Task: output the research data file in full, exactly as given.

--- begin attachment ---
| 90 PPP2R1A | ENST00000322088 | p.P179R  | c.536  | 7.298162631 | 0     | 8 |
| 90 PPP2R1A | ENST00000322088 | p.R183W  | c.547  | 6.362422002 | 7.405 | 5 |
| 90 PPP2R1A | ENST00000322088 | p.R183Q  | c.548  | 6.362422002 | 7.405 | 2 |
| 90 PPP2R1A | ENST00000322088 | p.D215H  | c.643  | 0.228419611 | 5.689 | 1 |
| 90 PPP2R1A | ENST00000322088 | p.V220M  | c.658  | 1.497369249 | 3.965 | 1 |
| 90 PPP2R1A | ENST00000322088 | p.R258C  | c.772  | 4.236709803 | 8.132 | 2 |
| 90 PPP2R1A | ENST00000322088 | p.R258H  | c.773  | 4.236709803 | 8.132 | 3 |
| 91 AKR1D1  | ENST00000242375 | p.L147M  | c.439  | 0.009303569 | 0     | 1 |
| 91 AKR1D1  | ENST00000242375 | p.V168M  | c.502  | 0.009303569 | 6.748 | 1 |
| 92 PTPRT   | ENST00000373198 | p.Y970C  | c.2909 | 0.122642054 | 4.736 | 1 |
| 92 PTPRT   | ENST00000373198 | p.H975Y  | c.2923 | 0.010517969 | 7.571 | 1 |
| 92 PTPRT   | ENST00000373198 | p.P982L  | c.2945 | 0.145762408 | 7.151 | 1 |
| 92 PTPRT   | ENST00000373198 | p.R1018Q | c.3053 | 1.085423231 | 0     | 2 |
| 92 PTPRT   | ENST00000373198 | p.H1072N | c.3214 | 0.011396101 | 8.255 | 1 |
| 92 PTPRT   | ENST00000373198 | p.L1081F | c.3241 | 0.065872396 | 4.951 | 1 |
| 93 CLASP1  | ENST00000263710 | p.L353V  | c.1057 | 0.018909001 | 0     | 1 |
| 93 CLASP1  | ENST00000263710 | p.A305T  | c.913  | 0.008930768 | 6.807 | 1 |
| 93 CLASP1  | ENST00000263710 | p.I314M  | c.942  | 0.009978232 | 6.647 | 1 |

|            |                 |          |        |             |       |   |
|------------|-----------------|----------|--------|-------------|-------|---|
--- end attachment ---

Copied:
| 90 PPP2R1A | ENST00000322088 | p.P179R  | c.536  | 7.298162631 | 0     | 8 |
| 90 PPP2R1A | ENST00000322088 | p.R183W  | c.547  | 6.362422002 | 7.405 | 5 |
| 90 PPP2R1A | ENST00000322088 | p.R183Q  | c.548  | 6.362422002 | 7.405 | 2 |
| 90 PPP2R1A | ENST00000322088 | p.D215H  | c.643  | 0.228419611 | 5.689 | 1 |
| 90 PPP2R1A | ENST00000322088 | p.V220M  | c.658  | 1.497369249 | 3.965 | 1 |
| 90 PPP2R1A | ENST00000322088 | p.R258C  | c.772  | 4.236709803 | 8.132 | 2 |
| 90 PPP2R1A | ENST00000322088 | p.R258H  | c.773  | 4.236709803 | 8.132 | 3 |
| 91 AKR1D1  | ENST00000242375 | p.L147M  | c.439  | 0.009303569 | 0     | 1 |
| 91 AKR1D1  | ENST00000242375 | p.V168M  | c.502  | 0.009303569 | 6.748 | 1 |
| 92 PTPRT   | ENST00000373198 | p.Y970C  | c.2909 | 0.122642054 | 4.736 | 1 |
| 92 PTPRT   | ENST00000373198 | p.H975Y  | c.2923 | 0.010517969 | 7.571 | 1 |
| 92 PTPRT   | ENST00000373198 | p.P982L  | c.2945 | 0.145762408 | 7.151 | 1 |
| 92 PTPRT   | ENST00000373198 | p.R1018Q | c.3053 | 1.085423231 | 0     | 2 |
| 92 PTPRT   | ENST00000373198 | p.H1072N | c.3214 | 0.011396101 | 8.255 | 1 |
| 92 PTPRT   | ENST00000373198 | p.L1081F | c.3241 | 0.065872396 | 4.951 | 1 |
| 93 CLASP1  | ENST00000263710 | p.L353V  | c.1057 | 0.018909001 | 0     | 1 |
| 93 CLASP1  | ENST00000263710 | p.A305T  | c.913  | 0.008930768 | 6.807 | 1 |
| 93 CLASP1  | ENST00000263710 | p.I314M  | c.942  | 0.009978232 | 6.647 | 1 |

|            |                 |          |        |             |       |   |
|------------|-----------------|----------|--------|-------------|-------|---|